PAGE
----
At age 16, Washington had hand copied 110 rules on civility and decent behavior, originally attributed to a 12-year-old boy. While some might be relegated to the arcane and silly, the spirit of the majority of the rules was the code of politeness and respect for other people. It is the essence of the Golden Rule; to do unto others as you would have them do unto you. In the words of Scripture, the second great commandment, is to love thy neighbor as thy self.
Where is this virtue in our culture and political discourse today? While it is alive and well in our churches and synagogues on Saturday and Sunday, it is possibly being administered the last rights in the civil discourse of our national politics, the media coverage, and the streets of America.
Most of us deserve blame for not practicing what we preach, and both political parties deserve chastisement for the tribal, hyperpartisan nature of the debate, and the vitriolic and often sarcastic tone on talk shows and social media. While hate, envy and greed go back to the garden of Eden, the highest ideals of these great United States are to appeal to our higher angels and unite for the common good. We are people of different nationalities, races, religions, and political parties, yet either by choice or by birth we have the immense blessing of being Americans. With that carries both rights and obligations to discharge if we are to preserve this great experiment in human freedom and democracy crafted 243 years ago.
Our Founders wrote powerfully in the 1790’s warning of the future dangers of political parties and factions. Washington wrote “The common and continual mischiefs of the spirit of party are sufficient to make it the interest and duty of a wise people to discourage and restrain it”. The fact that the United States Congress has maintained its lofty 14% approval rating for many years speaks to the dissatisfaction that most Americans have with this great institution. Apathy is bred from the toxic tone of debate, which has led to paltry results.
So where do we go from here? It ought not be difficult for reasonable people to agree that life is much easier living when people approach it with a spirit of kindness, generosity, civility and patience. Most of us are capable of such abundant living if we admit to our innate selfish tendencies, and through faith and perseverance become the good neighbor to others we desire others to be to us. The tongue is the rudder of the body, and by discipline and will, we can keep it in check. Bite it hard if we have to. Making points with firmness and conviction, and yet manners and civility, is fully in the grasp of Republicans, Democrats and Independents. The emerging leadership style that will appeal to millennials, and those just sick of the screaming talking heads on TV, will be the happy warrior. It is a person who is passionate about ideas, ambitious for solutions, humble in spirit, and capable of speaking in polite complete sentences. It is a servant leader who solves problems, shares credit, and creates unity, not soundbites.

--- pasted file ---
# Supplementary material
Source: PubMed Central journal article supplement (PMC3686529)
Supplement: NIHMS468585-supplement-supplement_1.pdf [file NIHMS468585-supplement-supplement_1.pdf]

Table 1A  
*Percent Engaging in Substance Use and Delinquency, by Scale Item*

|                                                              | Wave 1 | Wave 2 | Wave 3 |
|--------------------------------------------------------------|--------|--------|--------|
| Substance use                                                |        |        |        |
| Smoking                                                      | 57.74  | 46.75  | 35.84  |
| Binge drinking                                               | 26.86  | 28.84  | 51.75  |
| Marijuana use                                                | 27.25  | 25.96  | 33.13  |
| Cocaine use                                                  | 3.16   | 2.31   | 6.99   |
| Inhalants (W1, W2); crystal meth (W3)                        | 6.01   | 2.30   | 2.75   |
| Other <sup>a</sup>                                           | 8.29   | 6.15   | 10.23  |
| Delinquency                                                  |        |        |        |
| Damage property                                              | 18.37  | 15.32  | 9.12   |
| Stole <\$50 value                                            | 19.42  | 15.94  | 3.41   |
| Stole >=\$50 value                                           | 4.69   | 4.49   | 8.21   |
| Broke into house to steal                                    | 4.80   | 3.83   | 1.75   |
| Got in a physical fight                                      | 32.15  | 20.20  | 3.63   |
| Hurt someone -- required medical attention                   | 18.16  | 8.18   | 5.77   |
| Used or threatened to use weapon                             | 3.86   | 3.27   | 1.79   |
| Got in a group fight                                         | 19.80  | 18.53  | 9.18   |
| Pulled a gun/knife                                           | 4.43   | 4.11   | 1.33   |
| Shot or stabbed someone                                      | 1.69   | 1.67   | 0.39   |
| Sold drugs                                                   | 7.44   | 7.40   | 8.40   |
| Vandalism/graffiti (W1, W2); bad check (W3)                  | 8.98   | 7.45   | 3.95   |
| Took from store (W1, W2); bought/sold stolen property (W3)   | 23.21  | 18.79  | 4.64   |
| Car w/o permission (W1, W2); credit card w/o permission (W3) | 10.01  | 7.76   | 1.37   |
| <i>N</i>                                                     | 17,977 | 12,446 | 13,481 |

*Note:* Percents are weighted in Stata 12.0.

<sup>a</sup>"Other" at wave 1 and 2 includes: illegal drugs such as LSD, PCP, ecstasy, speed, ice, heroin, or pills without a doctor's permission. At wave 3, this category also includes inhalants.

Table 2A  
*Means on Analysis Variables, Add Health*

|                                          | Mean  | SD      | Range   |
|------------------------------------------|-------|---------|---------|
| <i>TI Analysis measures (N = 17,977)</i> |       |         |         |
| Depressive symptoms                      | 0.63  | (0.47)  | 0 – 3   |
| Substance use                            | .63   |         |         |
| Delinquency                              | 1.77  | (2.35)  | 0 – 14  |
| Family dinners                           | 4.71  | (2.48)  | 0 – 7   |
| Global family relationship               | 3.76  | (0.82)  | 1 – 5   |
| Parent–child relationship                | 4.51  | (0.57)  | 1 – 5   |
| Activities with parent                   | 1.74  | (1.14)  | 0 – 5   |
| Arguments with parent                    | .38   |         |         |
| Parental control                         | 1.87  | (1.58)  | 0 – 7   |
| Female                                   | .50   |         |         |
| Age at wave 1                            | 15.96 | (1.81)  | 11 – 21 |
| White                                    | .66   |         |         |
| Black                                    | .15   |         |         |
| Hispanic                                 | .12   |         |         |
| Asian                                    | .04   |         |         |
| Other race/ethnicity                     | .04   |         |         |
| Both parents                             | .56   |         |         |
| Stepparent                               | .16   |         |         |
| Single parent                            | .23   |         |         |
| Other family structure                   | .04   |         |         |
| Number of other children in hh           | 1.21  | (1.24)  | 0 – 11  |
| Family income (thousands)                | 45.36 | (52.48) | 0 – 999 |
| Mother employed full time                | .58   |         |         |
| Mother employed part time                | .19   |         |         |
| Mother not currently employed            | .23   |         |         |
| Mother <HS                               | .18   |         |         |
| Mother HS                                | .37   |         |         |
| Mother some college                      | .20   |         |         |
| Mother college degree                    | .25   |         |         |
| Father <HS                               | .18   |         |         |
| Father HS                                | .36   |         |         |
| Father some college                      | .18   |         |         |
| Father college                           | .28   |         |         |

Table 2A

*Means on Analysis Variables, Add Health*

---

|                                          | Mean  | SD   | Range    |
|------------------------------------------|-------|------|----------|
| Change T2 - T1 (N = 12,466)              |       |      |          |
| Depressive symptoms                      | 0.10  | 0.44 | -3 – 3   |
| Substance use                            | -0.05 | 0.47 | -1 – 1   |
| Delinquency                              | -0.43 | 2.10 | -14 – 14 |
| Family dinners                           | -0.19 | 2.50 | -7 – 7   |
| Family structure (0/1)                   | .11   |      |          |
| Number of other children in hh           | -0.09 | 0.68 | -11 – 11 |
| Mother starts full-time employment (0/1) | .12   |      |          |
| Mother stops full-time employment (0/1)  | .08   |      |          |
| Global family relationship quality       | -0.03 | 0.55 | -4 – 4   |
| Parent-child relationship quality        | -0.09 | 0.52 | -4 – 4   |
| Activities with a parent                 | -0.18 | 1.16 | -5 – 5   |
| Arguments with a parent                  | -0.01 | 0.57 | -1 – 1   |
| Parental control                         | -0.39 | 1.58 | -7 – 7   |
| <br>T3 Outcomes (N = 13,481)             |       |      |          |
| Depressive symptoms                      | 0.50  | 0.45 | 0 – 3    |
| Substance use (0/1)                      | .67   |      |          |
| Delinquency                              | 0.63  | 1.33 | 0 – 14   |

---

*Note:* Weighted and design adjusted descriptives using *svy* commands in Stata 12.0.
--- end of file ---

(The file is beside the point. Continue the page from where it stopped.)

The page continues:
It would be disingenuous to say that we did not have equally caustic debates, and even duels, at the dawn of the American republic. Yet it was motivated by a deep desire to make America work, not to tear it down.
America has been successful for 200 years because, as it was once said, we are a melting pot. If we insist upon being the tribal stewpot, where we no longer coalesce around the core set of values in the founding documents, we cannot survive as the United States.
No party holds a monopoly on morality or good ideas. While I do believe that fiscal conservatism and moral values have been the bedrock of American prosperity and I believe socialism has failed everywhere in the world it has been tried, the argument is not won by screaming the loudest. It is won by proving that one’s ideas work.
Rather than reinvent the wheel, let’s break open the Scriptures and the rules of civility and learn from the past. We all have an obligation to reduce the volume and stress in society by communicating with dialogue, not two simultaneous monologues.